Director-actor Taika Waititi is TimeOut's NZ entertainer of the year. Here's why ...
Getting yet another accolade for his movie is probably enough to have Taika Waititi nodding off - just as he pretended to do at the Academy Awards a few years ago when his short film
Two Cars, One Night
was up for an Oscar.
That's apt because
was the blueprint for his second feature, one which laboured under the working title of
before changing its name to something that might have been less dramatic but which still blew up big time.
So as Waititi feigns sleep, let's say it again: 2010 was the year of
It became the all-time local box office champ. The $9 million it took at New Zealand cinemas was up there among the all-time blockbusters like the
Lord of the Rings
trilogy, despite being made for probably less than the catering bill on the Peter Jackson franchise.
's runaway success continues. In fact, to research this piece, I thought I'd better have another look at the movie. Attempting to buy a copy from the biggest book and DVD shop in Queen St, the establishment's all-time top 50 DVD shelf had
as its most popular flick. But not only was
its number one movie, it was the only one out of stock - and presumably headed into many a stocking this Christmas.
So Waititi - who starred in the film as well as writing and directing it - might deserve our New Zealand Entertainer of the Year title by force of numbers alone.
He's effectively entertained more of us than any single local talent has for a long time. And he's a singular talent too. One who, on this film, bridged the gap between art and pop culture, between drama and comedy, between Wellington ironic quirk and East Coast earthiness.
This was a film that might have paid tribute throughout to the late, great King of Pop - who died when the film was in the editing suite - with a
-referenced dance number to the tune of the Patea Maori Club's 1984 anthem
. But that finale also had more obscure inspiration too, in the tap dance sequence at the end of Japanese film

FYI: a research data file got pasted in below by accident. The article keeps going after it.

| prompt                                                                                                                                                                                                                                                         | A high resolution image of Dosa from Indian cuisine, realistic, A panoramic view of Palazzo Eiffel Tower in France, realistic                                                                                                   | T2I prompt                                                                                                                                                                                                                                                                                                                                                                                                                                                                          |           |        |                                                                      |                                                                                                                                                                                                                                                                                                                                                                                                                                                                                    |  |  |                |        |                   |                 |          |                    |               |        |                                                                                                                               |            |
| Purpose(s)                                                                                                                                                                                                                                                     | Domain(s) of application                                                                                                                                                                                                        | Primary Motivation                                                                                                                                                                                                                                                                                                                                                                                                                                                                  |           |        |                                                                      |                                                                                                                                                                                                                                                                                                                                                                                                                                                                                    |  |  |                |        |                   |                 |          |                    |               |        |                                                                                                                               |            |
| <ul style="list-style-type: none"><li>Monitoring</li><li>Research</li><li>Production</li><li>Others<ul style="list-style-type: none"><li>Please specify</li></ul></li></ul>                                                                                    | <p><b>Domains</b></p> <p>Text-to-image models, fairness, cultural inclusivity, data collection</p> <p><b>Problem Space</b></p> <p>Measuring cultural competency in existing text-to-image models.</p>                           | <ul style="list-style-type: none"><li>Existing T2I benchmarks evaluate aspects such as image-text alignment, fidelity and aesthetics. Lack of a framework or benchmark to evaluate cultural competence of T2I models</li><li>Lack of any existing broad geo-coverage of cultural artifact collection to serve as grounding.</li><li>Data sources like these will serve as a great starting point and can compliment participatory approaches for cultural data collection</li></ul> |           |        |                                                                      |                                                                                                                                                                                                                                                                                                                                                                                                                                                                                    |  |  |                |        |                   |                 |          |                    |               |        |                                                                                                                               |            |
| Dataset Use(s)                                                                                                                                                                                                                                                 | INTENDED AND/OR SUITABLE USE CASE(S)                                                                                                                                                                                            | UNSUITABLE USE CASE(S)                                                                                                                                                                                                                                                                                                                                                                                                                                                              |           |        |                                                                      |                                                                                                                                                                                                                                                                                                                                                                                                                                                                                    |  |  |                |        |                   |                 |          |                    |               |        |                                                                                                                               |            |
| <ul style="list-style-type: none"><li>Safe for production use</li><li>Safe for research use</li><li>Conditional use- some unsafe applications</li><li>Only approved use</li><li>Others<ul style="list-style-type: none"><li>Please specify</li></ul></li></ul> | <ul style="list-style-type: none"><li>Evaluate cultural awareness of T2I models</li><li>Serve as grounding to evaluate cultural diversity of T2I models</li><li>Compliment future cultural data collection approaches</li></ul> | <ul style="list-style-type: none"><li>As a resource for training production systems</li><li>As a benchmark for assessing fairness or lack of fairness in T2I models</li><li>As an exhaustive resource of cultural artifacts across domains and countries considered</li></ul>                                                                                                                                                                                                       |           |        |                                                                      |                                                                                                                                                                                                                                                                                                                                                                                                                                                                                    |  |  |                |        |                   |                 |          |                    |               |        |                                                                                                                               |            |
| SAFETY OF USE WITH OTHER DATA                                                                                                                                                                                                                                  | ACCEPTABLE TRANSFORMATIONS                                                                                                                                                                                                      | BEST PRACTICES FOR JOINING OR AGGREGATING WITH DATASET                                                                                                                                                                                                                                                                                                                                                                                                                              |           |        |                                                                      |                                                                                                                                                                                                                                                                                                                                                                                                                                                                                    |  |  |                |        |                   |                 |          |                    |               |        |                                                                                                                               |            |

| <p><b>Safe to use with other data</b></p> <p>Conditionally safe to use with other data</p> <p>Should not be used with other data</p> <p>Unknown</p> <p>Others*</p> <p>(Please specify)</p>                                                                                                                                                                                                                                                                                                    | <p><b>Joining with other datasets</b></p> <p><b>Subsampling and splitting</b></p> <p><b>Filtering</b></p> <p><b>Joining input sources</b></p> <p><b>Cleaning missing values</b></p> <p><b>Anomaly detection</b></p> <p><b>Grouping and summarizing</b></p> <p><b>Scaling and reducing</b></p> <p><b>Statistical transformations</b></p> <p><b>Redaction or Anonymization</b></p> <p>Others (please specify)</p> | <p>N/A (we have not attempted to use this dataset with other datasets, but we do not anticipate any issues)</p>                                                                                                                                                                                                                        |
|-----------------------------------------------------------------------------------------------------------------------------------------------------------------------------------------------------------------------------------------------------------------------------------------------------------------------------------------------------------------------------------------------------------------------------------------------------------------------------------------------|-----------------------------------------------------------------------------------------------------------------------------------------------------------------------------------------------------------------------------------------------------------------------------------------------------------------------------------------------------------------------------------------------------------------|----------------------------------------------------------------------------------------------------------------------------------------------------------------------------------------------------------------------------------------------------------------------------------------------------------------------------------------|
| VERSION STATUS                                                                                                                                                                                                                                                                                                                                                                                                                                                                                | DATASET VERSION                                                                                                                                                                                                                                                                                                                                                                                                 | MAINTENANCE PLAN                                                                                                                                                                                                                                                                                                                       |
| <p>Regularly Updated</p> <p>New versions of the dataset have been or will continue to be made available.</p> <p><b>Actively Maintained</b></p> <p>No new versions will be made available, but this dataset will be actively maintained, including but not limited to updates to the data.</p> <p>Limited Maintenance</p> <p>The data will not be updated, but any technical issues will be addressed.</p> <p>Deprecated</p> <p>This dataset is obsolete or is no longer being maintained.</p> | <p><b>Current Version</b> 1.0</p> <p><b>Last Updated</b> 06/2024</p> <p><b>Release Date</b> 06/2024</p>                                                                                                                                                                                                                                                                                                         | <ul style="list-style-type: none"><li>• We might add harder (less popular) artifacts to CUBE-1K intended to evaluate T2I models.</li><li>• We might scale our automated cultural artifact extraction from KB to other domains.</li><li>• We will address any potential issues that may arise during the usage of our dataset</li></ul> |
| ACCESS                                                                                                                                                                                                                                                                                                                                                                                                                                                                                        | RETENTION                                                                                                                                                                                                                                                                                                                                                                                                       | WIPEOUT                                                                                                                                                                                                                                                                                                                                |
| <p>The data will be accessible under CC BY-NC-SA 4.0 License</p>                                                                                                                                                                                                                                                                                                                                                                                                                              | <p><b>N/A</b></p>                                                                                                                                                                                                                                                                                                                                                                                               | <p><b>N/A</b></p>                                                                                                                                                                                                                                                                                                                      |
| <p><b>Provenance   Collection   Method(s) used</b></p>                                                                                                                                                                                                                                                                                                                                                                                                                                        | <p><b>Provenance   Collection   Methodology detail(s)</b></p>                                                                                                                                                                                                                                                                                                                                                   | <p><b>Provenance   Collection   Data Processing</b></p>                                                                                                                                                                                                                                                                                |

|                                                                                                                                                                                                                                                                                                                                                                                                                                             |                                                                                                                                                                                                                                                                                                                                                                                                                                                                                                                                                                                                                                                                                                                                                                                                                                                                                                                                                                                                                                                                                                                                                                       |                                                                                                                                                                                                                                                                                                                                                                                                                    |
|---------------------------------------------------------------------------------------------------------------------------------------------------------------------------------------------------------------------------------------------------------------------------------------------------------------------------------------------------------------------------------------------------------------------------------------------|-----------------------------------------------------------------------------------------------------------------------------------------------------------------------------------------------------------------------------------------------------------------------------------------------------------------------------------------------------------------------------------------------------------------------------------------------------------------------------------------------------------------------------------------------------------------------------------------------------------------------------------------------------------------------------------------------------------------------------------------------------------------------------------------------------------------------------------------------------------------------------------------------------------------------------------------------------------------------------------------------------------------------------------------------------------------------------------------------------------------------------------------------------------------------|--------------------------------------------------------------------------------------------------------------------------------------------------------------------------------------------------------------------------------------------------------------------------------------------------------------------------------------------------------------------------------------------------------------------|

, a version of the classic tale of
The Blind Swordsman
by Takeshi Kitano, another master of weaving seemingly disparate elements together and making them popular to a hometown crowd - even if they cause much cultural confusion further afield.
did. On the festival circuit, especially in the US, Waititi says he found audiences took
far too seriously especially when it came to elements in the film like the vast marijuana plot, the abandonment of the kids, the stash of money buried in the back paddock. They were incidental to the characters and the world being seen through the eyes of Boy (James Rolleston) and sometimes his little brother Rocky (Te Aho Eketone-Whitu).
And he did in
, the performances Waititi extracted from the kids in the movie puts long-time dwellers of Hogwarts and Narnia to shame.
Waititi wasn't too bad himself as Alamein, the ex-con returning father with aspirations to run his own gang.
His performance may have helped him get a bit-part in the forthcoming superhero movie
The Green Lantern
His long-time joke about his acting is that he "wants to be the next Cliff Curtis" - the established Hollywood regular having been, with his cousin Ainsley Gardiner, a producer on most of Waititi's projects.
Despite its big box office haul, it seems none of the creative team behind Boy has come out of the project rich. But at the film's outset, nobody could forsee its runaway potential.
After all, Waititi's first feature
Eagle vs Shark
had got him noticed and done reasonably well at home and abroad as an arthouse comedy. And though films about Maori kids on the East Coast had worked before, this one featured no sea mammals and no wise old adults needing to see the error of their ways.
But we embraced
anyway, with its whimsy, its mysticism, its bittersweet touches, its understated comedy and its utter Maori-ness.
It wasn't designed to be a feelgood movie. But that so many of us took it to heart, is surely something to feel good about in this country in this year of sadness.
So that's why Taika Waititi is
's New Zealand Entertainer of the Year. We hopes he likes the title and he sees it as a fair trade.
For what? For
. Because it's not just his movie any more. It's ours.
The Top Spots
won yet more accolades last night, taking home the major trophies at the Visa Entertainment Screen Awards.
The ceremony for the prizes - voted for by the public - was hosted by Kate Rodger of TV3's movie show
Reel Late with Kate
saw James Rolleston, who played the lead character in the film, win Best New Zealand Actor - the newcomer faced competition from Waititi himself, Sam Neil and Martin Henderson.
Rolleston was also on hand to win Best Newcomer, while Waititi won Best Director, and
took away Best NZ Film.
Rose McIver from
The Lovely Bones
won Best NZ Actress, James Cameron's
was voted Best International Film and Sam Neill was awarded Best NZ Export.
The Topp Twins: Untouchable Girls
took out Best NZ Big Screen Documentary and
The Six Dollar Fifty Man
was awarded Best NZ Short Film.